VANCOUVER, British Columbia -- Montreal's Carey Price doesn't the want the Canadiens' win against Vancouver and the Canucks' Roberto Luongo to be used as a measuring stick in the competition for the starting goalie job on the Canadian Olympic team at the Sochi Games.
Price made 39 saves and Lars Eller got credit for a bizarre short-handed winner in the Canadiens' 4-1 win Saturday night. Max Pacioretty, Tomas Plekanec and Josh Gorges also scored for Montreal, and Raphael Diaz added two assists.
Luongo, who led Canada to the gold medal at the Vancouver Olympics in 2010, finished with 34 saves.
"It's our team against their team, doesn't matter who is playing net for them," Price said. "Everybody is trying to twist this another way.
"All it was is two hockey teams playing against each other."
Still, Price -- who grew up in Anahim Lake -- left his mark while playing in his home province as Montreal led 2-1 after two periods despite giving up 31 shots and numerous scoring chances.
"Wow," Eller said of his teammate. "It's probably the best hockey I've seen him play, and that says a lot. He kept us in the game. I don't know how.
"Halfway through, two periods through, he was the single reason that we were even this game. Unbelievable performance."
Henrik Sedin had the only goal for Vancouver, and Luongo also stopped Pacioretty on a penalty shot in the third period.
"Carey Price is having a good start with the team. Tonight he was outstanding," said Canadiens head coach Michel Therrien. "Certainly it was extra motivation to come here and play in front of his family and friends. I'm really happy for him that he was able to play that way. He was in the zone."
The winner came on a strange sequence in the second period with the Canadiens killing a penalty. Canucks defensemen Dan Hamhuis and Jason Garrison got tangled up behind the Vancouver net on a breakout, with the puck caroming into the crease and off both of Luongo's skates before dribbling over the line at 16:12.
"I didn't see it. I didn't see it," a frustrated Luongo said. "They didn't show it on the Jumbotron, I didn't see it. You guys tell me what happened."
Asked if he'd ever given up a more bizarre game-winner, Luongo shot back: "I didn't give that up, so I can't tell you."
Added Hamhuis: "I was picking up the puck and it just clipped off (Garrison's) skate and ended up in (Luongo's) feet and in the net. It's a tough break."
Eller, who wasn't even in the Canucks zone at the time of the goal, was the last Canadiens player to touch the puck for a Montreal team that didn't score a short-handed at all last season or through the first four games of 2013-14.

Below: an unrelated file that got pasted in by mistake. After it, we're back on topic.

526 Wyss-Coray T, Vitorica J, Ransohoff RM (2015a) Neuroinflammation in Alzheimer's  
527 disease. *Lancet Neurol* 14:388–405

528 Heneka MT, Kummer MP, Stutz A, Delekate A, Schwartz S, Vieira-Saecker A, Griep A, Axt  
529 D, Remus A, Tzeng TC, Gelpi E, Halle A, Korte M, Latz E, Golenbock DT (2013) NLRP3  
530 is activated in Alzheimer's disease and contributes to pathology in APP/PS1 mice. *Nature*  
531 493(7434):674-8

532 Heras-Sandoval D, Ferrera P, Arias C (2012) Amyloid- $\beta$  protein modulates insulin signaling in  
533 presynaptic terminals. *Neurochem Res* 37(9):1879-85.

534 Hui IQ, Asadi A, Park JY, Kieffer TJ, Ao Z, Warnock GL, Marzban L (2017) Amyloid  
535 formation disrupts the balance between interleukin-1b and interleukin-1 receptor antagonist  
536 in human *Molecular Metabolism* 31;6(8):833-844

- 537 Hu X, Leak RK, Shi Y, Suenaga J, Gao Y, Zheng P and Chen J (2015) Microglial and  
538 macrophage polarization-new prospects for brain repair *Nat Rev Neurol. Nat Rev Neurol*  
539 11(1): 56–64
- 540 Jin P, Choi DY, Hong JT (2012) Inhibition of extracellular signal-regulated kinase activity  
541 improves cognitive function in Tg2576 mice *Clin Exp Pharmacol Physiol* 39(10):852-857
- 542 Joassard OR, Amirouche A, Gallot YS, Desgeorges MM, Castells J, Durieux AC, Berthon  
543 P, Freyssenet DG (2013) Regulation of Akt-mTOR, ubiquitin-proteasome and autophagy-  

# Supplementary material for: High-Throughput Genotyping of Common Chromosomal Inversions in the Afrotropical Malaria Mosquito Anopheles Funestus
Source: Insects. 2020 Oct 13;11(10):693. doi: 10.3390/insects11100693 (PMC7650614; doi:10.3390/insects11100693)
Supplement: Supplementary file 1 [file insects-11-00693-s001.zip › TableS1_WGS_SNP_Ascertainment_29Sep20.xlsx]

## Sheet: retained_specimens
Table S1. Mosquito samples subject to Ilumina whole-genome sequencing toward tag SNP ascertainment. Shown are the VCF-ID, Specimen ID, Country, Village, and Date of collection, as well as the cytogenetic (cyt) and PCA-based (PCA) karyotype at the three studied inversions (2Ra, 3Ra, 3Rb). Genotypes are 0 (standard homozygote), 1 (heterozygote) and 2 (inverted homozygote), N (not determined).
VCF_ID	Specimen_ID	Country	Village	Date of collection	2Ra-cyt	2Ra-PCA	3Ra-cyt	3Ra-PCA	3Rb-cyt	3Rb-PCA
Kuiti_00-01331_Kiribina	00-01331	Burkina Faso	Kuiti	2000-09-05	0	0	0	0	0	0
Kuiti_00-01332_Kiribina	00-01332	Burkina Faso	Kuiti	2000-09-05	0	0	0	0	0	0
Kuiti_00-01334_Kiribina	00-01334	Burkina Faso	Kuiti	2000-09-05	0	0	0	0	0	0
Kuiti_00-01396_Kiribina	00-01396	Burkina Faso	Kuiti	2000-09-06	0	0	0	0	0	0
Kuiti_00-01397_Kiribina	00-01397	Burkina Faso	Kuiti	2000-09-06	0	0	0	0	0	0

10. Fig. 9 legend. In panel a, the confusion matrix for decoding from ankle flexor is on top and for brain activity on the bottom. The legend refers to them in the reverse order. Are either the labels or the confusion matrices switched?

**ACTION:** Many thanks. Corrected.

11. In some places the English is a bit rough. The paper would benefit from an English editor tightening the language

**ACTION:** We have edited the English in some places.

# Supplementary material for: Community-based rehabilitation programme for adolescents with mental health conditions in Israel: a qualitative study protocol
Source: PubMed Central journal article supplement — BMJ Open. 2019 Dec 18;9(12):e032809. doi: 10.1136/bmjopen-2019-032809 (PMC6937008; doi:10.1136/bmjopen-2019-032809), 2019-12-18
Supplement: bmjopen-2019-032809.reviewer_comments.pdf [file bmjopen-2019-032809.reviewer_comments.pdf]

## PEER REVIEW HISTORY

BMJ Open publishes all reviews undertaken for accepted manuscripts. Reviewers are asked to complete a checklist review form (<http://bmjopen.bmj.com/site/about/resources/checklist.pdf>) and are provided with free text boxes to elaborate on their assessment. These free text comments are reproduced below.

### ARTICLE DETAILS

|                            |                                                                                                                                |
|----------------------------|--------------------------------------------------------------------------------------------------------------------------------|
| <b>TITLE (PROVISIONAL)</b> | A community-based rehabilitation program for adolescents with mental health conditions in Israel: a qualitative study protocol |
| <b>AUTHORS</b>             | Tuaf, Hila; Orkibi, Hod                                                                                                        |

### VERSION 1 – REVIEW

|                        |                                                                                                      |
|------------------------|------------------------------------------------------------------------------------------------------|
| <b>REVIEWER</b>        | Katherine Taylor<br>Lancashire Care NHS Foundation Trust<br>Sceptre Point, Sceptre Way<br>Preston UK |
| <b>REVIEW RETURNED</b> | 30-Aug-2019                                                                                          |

Apart from that bizarre play, the story for a lot of the game was Price and Luongo, with the pair matching each other save for save at times.
Down 2-1 after Eller's goal late in the second period, Luongo held the Canucks in it early in the third, including a stick save on Pacioretty's penalty-shot attempt after the Canadiens' forward was hooked down by Vancouver defenseman Kevin Bieksa.
However, Montreal extended the lead at 6:46 on the power play. P.K. Subban just held the puck in at the line and it eventually found its way to fellow defenseman Andrei Markov down low, who fed a wide open Plekanec.
Canucks coach John Tortorella has been preaching a shoot-from-anywhere mentality, but his team failed to test Price until Bieska's effort from outside the Montreal blue line with nearly 11 minutes gone in the period.
"We didn't play a good third period," said Tortorella, who's team was outshot 18-9 in the final 20 minutes. "Whether it was a result of (the Eller goal), I don't know. Up until that point, I thought we played a really good hockey game.
"We talked about that wasn't going to beat us, but we certainly didn't play a good third period."
Gorges then made it 4-1 with a shot through traffic that Luongo didn't see, much to the delight of the large contingent of Canadiens fans in attendance at Rogers Arena.
Leading 1-0 after the first, Price made a number of stops on a Vancouver power play six minutes into the second period.
"(Price) made some saves where I think a lot of people in the building thought it was going to be goals," Sedin said. "We can't get too down, we played good enough to win, but we weren't able to finish off."
The Canucks kept up the pressure and were rewarded a bit later on when the Canadiens couldn't get the puck out of their zone. Daniel Sedin picked up a rebound at the side of the net and fed a blind behind-the-back pass to Henrik Sedin, who scored his first of the season -- and 799th point of his career -- at 13:12 to tie the score.
But it all went downhill for the Canucks exactly three minutes later with Eller's score.
Pacioretty drew a hooking penalty on Canucks defenseman Chris Tanev early in the first period before making Vancouver pay on the man advantage. The forward took a pass in the slot and fired a shot through Luongo's pads that just dribbled across the line to make it 1-0.
The goal was the first surrendered by the Canucks' penalty-killing unit this season after starting a perfect 18 for 18 through five games.
Price was the story for much of the rest of the opening 20 minutes, with a big rebound stop on Garrison on a Canucks' power play midway through the period. He then made a desperation save on Daniel Sedin with five minutes to go, which brought chants of "Carey, Carey" from Canadiens fans.
The Canadiens were without captain Brain Gionta because of what the team called "family reasons." ... Canucks D Alexander Edler served the first game of a three-game suspension for his hit to the head of San Jose's Tomas Hertl on Thursday night. ... Canucks F Zack Kassian returned to the lineup after serving his eight-game suspension for breaking the jaw of Edmonton's Sam Gagner with a high stick in the preseason.